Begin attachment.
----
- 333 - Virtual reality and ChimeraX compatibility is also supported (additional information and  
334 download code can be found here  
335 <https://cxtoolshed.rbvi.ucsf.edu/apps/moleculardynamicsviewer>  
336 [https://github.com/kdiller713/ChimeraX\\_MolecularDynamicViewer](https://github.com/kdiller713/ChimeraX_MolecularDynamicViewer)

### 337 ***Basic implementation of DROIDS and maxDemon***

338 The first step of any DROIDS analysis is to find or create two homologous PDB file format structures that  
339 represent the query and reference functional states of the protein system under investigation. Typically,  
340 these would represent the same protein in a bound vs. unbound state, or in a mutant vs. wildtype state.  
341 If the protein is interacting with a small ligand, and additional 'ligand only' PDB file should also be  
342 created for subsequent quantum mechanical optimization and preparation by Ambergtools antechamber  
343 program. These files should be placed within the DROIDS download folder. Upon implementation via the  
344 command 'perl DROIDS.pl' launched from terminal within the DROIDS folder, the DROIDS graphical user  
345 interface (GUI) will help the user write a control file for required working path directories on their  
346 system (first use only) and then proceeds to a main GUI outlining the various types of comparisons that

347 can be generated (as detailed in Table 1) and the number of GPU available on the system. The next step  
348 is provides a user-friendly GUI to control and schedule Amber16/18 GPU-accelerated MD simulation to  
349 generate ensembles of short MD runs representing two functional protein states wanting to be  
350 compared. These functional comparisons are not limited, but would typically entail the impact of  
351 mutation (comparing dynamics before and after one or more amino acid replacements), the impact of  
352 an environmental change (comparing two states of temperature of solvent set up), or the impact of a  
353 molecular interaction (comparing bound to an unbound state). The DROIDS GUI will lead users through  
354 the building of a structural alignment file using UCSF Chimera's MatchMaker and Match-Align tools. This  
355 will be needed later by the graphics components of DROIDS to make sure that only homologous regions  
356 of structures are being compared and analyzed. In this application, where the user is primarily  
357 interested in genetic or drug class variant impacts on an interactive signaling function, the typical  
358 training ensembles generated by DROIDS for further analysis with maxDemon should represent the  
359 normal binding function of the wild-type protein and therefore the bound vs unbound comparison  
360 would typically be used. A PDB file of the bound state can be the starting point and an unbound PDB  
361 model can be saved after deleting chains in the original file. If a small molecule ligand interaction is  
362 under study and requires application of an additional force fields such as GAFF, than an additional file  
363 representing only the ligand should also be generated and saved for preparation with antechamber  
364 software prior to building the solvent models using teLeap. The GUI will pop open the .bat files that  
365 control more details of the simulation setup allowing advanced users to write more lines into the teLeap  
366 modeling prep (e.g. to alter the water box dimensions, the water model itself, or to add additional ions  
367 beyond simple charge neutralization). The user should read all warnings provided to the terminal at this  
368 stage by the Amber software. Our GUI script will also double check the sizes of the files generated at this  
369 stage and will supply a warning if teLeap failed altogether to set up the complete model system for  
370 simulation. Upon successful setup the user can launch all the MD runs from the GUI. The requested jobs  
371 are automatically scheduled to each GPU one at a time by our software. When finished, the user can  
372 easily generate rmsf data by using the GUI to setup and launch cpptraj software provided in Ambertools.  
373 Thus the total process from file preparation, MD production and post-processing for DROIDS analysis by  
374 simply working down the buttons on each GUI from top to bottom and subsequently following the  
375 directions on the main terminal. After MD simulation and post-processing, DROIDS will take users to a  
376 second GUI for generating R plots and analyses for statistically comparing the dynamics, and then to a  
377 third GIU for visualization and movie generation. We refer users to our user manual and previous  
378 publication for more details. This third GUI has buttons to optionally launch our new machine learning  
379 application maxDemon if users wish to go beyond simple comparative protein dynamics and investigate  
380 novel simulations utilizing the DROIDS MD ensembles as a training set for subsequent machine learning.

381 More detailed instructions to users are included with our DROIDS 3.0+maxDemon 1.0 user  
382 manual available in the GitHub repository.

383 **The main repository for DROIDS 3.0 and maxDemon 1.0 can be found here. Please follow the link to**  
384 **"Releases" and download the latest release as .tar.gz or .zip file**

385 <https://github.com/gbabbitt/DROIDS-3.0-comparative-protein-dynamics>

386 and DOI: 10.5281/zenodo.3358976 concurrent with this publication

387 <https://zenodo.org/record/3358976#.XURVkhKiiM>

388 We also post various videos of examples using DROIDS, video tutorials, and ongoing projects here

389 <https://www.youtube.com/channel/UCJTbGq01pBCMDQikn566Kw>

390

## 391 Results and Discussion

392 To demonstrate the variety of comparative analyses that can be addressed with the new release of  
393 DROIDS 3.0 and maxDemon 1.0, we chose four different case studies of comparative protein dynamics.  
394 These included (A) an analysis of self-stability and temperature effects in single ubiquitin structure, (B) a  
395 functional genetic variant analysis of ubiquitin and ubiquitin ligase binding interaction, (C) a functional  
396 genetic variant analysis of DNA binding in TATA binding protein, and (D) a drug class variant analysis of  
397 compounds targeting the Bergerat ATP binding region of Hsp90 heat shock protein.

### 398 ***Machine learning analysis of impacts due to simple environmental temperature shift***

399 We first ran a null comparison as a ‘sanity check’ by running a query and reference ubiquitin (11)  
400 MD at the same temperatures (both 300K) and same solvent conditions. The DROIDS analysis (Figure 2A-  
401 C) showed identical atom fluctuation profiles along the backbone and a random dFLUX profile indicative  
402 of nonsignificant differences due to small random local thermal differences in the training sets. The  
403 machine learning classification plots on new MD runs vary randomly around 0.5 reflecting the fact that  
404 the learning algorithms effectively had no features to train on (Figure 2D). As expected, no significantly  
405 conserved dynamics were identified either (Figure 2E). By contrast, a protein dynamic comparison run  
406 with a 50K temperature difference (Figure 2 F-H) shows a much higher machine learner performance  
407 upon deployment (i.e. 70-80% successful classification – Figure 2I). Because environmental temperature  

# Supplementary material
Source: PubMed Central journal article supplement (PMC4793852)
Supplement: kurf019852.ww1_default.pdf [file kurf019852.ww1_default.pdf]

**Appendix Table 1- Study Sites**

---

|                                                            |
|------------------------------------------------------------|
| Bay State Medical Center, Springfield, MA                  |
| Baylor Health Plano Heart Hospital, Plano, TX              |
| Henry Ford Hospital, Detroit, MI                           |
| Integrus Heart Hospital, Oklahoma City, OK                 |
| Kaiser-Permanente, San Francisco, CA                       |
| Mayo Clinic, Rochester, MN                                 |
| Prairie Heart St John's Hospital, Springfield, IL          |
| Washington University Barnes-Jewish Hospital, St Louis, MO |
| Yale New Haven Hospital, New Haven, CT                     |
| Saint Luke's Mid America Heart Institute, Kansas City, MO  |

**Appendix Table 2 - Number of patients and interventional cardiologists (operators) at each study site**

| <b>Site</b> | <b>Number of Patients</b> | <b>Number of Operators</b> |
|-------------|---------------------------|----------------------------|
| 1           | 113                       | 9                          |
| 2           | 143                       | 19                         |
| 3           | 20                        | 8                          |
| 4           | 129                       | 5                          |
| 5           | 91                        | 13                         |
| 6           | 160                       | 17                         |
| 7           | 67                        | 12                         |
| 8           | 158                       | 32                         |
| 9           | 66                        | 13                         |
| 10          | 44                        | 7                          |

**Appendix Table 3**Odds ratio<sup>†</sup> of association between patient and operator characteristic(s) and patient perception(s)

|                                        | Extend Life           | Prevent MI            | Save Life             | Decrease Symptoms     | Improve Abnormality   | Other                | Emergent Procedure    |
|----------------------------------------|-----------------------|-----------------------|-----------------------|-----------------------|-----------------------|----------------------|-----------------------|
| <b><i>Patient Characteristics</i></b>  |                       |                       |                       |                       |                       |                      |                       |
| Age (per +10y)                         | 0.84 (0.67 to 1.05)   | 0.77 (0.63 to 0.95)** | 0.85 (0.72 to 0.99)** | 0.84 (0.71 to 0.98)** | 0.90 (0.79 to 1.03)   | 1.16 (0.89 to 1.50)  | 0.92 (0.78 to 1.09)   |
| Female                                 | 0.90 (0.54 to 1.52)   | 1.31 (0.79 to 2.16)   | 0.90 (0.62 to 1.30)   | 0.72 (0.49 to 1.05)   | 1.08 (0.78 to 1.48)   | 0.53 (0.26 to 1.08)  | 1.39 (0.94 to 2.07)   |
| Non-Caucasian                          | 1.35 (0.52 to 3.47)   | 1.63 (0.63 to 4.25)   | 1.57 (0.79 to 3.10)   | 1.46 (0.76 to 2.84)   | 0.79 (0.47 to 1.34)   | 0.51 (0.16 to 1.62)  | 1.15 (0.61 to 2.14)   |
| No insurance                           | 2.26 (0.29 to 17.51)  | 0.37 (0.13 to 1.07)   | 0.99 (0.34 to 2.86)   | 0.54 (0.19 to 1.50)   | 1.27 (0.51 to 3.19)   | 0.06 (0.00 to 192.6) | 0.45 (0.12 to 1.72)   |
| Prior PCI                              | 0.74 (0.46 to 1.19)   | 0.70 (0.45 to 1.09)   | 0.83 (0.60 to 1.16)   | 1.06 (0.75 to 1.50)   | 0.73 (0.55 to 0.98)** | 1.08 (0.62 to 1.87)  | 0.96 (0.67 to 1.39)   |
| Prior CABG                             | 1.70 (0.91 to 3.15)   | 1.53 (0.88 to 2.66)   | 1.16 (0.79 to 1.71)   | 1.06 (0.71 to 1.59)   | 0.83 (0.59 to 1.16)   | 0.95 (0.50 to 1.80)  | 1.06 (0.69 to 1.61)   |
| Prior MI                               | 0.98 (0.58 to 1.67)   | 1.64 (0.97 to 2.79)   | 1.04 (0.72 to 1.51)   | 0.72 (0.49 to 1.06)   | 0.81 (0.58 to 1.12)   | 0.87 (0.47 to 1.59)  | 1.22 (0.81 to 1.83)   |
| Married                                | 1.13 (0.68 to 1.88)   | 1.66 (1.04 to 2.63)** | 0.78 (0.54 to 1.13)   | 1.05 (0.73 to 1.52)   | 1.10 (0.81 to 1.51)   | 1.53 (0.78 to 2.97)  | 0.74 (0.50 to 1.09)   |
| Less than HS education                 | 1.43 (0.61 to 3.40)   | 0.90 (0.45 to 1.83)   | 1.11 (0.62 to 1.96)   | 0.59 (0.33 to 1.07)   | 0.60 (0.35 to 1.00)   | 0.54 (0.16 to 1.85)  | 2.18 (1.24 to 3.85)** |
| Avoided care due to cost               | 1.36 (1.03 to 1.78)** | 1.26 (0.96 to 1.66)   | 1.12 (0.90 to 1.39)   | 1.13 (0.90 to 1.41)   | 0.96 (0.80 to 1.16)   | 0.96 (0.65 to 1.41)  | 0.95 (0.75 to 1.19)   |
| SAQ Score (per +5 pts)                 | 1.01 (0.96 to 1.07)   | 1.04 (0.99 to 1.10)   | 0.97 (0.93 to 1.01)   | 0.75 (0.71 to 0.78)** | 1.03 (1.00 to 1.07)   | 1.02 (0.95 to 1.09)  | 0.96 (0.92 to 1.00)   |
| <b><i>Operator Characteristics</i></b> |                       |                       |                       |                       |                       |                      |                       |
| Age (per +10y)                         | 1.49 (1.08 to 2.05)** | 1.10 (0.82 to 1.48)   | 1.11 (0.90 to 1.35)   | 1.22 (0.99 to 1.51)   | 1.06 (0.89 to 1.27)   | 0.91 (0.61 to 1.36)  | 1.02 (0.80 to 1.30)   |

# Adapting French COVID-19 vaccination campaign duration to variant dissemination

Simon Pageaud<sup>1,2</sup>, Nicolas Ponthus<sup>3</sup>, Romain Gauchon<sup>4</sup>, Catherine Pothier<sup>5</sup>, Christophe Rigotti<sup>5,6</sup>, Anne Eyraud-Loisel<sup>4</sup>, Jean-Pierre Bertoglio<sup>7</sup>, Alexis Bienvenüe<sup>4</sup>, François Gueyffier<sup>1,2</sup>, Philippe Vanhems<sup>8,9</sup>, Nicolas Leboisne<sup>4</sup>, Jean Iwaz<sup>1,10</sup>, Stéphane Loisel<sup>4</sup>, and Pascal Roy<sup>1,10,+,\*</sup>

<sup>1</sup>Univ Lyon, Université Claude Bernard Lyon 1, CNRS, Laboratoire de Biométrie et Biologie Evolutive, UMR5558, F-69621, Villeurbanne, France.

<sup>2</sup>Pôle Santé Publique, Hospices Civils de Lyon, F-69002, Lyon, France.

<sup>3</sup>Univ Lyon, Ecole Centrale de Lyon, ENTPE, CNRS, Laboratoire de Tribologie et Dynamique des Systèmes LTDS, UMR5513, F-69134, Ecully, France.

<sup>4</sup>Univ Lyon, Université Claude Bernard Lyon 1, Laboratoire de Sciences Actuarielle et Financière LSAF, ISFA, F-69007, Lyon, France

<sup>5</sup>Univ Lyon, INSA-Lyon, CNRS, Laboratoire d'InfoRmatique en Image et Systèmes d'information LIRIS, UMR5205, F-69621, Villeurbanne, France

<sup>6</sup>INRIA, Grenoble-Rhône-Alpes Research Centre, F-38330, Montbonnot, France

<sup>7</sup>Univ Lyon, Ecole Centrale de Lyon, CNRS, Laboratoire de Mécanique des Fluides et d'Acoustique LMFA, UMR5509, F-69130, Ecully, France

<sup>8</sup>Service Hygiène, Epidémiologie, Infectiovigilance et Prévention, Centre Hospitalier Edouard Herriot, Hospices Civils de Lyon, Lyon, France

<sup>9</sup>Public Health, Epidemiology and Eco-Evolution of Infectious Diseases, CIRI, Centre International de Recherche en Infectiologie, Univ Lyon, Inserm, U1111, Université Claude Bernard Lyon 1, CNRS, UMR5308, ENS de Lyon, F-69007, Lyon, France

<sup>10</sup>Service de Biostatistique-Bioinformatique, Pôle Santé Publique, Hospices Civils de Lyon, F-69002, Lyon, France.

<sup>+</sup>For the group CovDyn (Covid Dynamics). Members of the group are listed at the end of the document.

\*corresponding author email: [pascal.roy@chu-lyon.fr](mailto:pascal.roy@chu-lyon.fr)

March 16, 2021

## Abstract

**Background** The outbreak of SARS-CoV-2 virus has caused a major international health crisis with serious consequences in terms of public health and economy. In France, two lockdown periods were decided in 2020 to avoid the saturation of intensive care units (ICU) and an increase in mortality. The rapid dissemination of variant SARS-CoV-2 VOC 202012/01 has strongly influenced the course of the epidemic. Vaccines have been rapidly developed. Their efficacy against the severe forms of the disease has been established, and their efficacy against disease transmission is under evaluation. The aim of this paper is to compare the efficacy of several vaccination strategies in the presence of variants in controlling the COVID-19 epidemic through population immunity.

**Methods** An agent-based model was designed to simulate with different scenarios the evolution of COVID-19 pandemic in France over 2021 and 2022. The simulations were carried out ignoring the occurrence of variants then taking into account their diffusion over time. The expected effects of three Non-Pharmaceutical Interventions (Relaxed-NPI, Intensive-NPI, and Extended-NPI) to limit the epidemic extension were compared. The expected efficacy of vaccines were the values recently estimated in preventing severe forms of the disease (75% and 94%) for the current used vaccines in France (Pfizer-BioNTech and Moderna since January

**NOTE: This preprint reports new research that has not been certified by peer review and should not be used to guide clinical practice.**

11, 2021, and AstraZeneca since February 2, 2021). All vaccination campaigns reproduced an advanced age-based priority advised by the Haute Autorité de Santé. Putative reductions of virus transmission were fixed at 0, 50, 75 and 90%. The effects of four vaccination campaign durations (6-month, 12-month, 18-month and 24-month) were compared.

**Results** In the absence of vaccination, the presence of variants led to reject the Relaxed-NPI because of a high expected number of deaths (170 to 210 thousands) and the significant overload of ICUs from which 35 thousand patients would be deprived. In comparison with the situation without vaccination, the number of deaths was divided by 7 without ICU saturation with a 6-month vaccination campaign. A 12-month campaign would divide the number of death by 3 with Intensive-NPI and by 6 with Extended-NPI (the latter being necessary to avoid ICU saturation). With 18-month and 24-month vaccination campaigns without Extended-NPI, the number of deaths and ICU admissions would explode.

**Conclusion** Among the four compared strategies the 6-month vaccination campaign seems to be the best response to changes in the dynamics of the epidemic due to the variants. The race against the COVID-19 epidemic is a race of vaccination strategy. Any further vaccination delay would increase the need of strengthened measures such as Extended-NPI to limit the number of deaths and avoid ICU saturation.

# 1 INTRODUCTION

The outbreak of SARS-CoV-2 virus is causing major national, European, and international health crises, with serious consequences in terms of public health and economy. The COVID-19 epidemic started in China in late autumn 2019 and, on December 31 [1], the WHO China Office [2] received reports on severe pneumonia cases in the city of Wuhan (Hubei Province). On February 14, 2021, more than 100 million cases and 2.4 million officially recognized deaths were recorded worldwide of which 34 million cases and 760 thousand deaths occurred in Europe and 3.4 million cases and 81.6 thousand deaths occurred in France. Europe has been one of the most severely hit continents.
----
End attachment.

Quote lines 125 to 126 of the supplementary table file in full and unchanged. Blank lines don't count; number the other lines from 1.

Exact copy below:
<sup>1</sup>Univ Lyon, Université Claude Bernard Lyon 1, CNRS, Laboratoire de Biométrie et Biologie Evolutive, UMR5558, F-69621, Villeurbanne, France.

<sup>2</sup>Pôle Santé Publique, Hospices Civils de Lyon, F-69002, Lyon, France.